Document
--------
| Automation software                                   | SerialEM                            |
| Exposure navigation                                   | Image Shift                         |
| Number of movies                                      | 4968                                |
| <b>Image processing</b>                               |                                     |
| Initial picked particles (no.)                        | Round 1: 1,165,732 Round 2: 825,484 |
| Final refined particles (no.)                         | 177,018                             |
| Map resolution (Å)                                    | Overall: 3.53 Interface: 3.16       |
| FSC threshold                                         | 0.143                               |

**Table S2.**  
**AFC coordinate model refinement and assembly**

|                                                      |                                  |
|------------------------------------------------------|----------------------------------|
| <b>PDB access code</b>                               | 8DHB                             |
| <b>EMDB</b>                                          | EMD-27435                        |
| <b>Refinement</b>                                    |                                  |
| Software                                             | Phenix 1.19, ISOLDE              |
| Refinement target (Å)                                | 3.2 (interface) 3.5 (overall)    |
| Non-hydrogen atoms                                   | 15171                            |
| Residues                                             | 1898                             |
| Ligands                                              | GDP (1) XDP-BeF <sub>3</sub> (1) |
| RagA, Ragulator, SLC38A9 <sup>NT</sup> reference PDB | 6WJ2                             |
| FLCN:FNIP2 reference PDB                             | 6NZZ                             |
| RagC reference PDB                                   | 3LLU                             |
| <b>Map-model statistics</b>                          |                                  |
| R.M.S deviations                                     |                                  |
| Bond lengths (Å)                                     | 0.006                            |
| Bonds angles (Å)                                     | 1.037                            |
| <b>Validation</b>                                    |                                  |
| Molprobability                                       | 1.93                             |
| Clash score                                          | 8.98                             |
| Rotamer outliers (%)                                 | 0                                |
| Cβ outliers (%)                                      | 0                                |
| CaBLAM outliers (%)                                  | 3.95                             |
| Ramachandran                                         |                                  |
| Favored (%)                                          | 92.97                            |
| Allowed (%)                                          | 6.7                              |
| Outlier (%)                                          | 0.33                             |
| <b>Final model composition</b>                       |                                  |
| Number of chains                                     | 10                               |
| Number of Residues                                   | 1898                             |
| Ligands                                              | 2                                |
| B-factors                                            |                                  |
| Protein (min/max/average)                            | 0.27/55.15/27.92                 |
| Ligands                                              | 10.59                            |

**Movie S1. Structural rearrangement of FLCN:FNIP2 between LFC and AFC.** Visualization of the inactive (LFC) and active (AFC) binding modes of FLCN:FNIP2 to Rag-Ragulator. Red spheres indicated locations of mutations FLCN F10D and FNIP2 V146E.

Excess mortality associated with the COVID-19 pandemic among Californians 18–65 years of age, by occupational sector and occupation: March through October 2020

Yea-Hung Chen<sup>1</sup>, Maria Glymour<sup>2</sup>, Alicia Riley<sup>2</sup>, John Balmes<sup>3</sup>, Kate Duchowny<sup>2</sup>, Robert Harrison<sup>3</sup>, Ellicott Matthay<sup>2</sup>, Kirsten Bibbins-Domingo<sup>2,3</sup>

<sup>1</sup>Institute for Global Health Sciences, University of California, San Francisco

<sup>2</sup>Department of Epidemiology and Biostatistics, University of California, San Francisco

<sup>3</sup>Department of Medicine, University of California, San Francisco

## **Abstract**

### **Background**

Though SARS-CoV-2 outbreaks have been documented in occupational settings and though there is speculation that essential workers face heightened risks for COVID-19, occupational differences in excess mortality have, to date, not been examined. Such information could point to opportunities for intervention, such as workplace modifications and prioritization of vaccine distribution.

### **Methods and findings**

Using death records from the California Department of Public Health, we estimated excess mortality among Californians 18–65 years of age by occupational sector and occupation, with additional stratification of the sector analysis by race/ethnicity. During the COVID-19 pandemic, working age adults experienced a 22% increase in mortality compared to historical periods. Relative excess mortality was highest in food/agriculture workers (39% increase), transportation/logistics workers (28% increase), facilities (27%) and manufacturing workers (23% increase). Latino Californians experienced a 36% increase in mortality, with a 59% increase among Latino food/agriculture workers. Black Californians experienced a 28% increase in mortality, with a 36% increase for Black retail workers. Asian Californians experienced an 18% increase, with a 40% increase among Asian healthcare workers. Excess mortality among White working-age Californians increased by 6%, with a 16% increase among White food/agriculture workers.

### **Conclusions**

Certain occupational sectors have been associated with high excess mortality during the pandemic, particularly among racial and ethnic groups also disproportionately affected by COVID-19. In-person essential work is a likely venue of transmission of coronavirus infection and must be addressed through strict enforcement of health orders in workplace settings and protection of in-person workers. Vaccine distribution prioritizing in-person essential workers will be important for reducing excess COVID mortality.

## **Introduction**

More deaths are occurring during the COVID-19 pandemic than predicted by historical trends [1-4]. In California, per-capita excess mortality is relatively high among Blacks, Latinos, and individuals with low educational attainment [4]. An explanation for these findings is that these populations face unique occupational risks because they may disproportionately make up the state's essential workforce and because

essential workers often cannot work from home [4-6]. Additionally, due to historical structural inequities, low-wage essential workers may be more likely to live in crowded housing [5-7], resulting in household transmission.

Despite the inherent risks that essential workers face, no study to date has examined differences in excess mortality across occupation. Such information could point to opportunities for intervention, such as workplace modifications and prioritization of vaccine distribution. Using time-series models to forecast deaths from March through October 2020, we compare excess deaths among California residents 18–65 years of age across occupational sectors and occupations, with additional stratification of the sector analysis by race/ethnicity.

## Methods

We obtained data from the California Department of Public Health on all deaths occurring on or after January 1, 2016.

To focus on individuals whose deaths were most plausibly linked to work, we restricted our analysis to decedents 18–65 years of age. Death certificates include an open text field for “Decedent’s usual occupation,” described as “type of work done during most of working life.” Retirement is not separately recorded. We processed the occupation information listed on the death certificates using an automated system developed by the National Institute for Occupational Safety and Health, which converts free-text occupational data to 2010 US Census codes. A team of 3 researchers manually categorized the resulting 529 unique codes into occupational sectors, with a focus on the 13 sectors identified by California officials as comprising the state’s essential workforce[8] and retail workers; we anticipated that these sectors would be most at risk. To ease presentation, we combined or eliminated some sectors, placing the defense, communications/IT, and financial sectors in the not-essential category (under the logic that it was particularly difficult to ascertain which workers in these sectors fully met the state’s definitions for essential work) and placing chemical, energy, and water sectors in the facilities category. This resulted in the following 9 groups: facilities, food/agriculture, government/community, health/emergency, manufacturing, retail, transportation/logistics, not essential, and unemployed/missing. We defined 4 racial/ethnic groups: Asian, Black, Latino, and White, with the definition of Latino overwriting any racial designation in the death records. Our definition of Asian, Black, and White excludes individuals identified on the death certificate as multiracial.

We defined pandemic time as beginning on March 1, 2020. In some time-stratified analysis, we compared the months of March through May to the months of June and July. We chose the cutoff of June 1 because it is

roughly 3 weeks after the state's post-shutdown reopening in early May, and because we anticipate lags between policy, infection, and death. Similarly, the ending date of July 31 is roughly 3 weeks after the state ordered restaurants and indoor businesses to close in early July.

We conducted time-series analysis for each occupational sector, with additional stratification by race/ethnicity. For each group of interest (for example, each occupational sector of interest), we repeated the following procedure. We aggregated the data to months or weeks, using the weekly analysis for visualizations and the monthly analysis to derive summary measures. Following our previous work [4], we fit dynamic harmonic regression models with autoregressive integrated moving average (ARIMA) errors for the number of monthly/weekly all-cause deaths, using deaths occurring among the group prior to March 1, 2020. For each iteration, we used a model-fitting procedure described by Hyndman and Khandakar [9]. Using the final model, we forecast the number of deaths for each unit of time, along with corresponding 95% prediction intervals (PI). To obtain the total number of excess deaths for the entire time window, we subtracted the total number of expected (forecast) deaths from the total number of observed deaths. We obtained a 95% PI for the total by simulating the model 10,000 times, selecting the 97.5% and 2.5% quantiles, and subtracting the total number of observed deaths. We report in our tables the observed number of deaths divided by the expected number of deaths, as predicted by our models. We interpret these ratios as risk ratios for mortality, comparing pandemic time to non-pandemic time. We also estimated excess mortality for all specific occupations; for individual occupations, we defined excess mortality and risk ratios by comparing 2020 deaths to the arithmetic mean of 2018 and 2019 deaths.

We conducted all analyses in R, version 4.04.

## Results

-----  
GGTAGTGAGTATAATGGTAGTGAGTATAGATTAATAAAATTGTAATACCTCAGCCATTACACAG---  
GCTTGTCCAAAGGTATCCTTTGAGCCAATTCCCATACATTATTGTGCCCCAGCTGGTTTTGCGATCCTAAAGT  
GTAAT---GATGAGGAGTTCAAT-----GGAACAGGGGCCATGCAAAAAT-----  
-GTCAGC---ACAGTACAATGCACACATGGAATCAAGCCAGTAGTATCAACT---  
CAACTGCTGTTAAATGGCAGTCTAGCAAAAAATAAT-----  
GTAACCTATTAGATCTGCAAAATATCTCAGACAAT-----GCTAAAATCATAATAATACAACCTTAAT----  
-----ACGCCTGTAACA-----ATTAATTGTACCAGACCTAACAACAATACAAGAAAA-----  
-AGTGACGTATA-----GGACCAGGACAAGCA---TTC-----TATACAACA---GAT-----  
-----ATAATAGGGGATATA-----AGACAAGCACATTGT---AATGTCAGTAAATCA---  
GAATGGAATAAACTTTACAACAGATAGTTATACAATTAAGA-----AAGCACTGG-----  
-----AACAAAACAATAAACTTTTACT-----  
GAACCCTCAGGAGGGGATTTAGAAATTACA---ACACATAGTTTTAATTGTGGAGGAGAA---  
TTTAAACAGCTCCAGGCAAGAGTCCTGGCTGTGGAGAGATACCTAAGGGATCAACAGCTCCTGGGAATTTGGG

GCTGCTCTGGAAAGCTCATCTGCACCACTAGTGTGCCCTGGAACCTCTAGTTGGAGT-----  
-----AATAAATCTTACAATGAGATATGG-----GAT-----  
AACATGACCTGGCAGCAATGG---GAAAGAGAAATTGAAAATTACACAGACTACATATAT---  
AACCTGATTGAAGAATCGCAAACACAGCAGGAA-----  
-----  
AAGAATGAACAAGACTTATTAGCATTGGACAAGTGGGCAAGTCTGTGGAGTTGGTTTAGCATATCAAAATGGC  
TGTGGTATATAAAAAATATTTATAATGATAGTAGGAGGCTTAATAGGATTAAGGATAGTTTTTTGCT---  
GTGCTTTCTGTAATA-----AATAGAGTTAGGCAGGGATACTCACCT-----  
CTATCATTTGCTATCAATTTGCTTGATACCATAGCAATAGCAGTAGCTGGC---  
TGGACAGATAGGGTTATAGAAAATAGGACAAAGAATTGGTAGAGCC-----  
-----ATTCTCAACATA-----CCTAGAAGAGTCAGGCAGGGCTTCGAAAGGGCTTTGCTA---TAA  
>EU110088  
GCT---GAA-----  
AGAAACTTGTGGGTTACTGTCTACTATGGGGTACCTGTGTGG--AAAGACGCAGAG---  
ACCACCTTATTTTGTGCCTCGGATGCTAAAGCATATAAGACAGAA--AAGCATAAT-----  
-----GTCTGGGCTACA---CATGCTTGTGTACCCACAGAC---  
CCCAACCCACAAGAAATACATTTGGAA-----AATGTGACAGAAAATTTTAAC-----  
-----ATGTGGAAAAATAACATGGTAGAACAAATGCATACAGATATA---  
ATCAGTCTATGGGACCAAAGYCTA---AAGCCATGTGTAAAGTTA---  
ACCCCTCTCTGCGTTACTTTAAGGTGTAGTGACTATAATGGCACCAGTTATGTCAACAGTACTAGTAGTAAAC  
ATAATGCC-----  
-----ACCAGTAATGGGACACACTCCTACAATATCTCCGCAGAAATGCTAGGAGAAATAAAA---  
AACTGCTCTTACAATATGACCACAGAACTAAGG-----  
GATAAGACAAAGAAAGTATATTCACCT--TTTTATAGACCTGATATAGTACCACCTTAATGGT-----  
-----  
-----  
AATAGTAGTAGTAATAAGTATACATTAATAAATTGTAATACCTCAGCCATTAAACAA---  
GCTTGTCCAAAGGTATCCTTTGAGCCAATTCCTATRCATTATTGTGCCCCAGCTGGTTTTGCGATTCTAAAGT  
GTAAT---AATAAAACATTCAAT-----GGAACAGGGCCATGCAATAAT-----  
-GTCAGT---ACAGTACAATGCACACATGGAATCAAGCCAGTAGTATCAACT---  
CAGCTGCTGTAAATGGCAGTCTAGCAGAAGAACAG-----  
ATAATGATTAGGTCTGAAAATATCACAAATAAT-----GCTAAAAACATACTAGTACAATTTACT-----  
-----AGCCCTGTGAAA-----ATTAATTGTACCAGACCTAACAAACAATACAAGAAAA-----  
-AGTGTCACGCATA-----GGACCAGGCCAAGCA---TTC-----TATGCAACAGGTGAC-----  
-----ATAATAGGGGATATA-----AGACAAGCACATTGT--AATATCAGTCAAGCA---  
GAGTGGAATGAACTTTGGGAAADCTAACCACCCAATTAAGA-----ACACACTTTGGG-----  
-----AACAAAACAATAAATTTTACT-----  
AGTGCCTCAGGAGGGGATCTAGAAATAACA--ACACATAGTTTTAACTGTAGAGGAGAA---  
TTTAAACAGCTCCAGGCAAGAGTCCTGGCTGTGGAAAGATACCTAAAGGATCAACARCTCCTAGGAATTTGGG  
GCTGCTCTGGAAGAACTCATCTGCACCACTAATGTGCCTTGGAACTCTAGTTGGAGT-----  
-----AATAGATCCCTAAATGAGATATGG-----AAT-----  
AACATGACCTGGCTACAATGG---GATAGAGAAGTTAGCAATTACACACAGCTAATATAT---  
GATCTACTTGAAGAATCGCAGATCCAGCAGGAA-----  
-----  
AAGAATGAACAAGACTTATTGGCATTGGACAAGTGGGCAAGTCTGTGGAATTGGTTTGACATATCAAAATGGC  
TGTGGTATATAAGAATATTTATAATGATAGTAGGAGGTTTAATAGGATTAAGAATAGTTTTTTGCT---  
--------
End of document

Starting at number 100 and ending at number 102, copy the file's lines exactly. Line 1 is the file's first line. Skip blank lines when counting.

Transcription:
CCCAACCCACAAGAAATACATTTGGAA-----AATGTGACAGAAAATTTTAAC-----  
-----ATGTGGAAAAATAACATGGTAGAACAAATGCATACAGATATA---  
ATCAGTCTATGGGACCAAAGYCTA---AAGCCATGTGTAAAGTTA---  